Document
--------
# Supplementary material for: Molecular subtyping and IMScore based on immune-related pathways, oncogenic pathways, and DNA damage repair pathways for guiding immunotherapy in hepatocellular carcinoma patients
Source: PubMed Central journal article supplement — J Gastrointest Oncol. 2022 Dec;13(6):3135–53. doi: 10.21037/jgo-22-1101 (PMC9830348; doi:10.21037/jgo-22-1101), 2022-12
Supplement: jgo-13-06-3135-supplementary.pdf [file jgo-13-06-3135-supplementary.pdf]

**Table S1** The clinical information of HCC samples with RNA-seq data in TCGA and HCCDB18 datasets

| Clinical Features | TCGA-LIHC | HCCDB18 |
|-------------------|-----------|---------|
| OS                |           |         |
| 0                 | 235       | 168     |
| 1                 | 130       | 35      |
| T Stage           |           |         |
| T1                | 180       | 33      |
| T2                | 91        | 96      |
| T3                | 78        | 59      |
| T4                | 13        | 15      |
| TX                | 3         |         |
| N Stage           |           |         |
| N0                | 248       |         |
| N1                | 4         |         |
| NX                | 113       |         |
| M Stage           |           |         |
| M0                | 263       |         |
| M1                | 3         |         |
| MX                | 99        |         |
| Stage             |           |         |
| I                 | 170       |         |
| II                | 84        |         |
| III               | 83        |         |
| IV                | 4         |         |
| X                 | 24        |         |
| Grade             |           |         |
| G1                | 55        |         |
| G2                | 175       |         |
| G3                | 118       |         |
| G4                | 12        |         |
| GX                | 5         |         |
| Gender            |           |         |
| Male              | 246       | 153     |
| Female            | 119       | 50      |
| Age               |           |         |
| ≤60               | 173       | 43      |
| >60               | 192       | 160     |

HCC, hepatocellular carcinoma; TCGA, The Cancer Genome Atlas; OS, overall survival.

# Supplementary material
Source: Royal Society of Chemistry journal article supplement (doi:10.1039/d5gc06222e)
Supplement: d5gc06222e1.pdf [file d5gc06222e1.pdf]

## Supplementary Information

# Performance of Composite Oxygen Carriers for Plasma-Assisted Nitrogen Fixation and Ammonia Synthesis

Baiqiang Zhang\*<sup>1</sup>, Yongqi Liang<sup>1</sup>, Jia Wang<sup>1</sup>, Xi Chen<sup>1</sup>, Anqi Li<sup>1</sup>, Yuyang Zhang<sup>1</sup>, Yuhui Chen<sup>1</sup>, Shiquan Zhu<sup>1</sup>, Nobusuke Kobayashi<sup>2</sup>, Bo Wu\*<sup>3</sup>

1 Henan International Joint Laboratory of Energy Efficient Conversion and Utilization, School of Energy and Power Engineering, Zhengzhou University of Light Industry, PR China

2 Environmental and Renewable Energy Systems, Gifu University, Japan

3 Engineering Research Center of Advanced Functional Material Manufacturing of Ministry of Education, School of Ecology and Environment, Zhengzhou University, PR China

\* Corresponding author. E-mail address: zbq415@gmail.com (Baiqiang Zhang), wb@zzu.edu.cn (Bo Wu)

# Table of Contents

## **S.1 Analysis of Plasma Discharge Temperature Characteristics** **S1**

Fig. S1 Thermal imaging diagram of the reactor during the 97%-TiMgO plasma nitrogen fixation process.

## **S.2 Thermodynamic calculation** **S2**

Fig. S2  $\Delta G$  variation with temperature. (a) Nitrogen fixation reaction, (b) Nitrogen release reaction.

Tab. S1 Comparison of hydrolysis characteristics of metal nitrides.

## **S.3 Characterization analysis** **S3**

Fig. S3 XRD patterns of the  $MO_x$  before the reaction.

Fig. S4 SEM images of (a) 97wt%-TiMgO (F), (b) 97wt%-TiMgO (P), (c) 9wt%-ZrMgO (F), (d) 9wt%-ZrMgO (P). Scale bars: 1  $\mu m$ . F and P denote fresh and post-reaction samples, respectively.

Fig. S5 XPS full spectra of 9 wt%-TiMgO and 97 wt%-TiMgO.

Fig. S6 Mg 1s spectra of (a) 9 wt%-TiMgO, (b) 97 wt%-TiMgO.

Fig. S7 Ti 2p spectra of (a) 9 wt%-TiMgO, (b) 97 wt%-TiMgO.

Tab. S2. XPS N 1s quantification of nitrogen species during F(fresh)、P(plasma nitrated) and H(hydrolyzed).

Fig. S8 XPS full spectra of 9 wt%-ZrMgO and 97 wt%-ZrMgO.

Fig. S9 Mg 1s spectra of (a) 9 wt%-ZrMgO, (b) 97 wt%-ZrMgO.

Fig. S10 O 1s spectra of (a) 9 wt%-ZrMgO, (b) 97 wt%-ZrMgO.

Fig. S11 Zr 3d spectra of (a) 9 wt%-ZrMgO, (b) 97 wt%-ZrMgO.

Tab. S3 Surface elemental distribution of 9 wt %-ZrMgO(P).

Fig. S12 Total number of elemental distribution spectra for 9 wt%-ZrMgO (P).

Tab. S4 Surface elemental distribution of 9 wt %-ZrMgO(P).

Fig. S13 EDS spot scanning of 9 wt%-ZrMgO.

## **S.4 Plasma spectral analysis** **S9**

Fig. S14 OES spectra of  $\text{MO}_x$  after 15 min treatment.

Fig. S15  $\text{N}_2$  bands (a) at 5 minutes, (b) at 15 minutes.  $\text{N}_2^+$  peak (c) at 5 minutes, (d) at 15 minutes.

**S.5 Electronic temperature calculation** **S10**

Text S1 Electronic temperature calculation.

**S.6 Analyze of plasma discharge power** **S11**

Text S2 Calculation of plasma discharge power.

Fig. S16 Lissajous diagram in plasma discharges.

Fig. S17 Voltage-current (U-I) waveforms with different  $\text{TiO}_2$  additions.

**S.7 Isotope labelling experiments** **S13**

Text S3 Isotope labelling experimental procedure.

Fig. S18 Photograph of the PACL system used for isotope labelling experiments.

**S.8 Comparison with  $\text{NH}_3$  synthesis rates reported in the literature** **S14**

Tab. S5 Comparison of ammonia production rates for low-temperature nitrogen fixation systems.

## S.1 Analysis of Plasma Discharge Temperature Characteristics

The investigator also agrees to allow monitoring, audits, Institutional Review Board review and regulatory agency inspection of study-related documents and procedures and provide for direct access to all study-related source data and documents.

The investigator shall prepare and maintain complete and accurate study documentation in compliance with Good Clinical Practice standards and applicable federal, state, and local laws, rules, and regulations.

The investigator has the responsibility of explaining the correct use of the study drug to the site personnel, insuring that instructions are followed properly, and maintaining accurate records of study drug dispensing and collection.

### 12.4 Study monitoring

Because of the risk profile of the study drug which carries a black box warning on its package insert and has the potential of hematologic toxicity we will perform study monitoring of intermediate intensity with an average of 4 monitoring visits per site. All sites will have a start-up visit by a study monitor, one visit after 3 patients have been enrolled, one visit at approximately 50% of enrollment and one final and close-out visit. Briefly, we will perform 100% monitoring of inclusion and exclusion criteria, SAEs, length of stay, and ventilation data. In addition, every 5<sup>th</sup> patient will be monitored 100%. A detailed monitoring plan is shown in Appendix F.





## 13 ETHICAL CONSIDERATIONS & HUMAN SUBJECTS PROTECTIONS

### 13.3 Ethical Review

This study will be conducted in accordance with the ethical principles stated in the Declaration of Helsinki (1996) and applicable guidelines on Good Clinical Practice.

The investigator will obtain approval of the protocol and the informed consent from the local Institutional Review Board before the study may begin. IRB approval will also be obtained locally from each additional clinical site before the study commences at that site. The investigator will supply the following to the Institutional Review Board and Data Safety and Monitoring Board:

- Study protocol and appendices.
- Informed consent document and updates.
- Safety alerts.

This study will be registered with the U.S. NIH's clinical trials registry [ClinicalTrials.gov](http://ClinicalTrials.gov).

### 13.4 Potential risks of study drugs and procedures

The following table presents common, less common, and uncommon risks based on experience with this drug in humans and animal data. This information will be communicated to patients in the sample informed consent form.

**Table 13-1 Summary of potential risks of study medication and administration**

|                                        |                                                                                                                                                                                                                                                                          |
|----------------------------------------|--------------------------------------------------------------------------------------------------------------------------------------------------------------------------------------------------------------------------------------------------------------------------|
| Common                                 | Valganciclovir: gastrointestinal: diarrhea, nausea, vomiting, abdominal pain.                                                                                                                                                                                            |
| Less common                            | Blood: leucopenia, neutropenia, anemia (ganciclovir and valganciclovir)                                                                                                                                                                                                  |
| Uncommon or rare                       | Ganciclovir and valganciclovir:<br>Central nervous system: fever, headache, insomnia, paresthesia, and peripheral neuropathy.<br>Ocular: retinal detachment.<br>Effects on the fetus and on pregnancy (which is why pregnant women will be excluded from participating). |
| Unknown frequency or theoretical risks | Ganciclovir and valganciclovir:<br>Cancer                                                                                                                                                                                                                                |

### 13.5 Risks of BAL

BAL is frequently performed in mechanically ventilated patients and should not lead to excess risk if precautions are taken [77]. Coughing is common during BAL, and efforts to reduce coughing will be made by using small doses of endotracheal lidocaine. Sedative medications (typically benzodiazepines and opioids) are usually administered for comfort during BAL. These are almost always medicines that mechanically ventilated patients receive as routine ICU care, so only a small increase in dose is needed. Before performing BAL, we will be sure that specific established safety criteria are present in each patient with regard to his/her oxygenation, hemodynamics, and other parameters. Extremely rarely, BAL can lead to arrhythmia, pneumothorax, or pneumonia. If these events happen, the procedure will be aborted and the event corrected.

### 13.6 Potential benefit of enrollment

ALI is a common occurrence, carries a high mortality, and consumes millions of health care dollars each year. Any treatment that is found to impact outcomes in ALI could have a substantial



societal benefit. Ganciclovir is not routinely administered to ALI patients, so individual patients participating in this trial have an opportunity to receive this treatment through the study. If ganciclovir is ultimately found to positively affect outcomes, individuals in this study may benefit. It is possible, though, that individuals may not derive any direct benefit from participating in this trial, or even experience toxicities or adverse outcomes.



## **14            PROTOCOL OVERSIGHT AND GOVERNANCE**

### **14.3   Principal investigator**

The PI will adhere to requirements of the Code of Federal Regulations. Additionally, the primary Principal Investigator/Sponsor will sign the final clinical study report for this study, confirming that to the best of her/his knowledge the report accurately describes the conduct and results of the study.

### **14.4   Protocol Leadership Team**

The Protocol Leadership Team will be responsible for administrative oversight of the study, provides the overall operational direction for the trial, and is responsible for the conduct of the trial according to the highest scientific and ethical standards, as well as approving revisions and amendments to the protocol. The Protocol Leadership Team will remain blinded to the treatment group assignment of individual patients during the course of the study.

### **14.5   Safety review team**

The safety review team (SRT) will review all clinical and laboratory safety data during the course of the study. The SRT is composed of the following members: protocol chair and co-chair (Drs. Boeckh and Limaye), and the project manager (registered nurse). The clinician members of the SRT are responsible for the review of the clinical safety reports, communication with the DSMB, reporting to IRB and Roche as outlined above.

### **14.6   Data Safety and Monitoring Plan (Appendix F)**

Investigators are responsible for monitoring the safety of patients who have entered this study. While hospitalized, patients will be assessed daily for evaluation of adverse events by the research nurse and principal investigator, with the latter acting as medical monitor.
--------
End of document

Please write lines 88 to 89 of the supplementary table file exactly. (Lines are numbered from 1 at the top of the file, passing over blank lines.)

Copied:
## S.1 Analysis of Plasma Discharge Temperature Characteristics

The investigator also agrees to allow monitoring, audits, Institutional Review Board review and regulatory agency inspection of study-related documents and procedures and provide for direct access to all study-related source data and documents.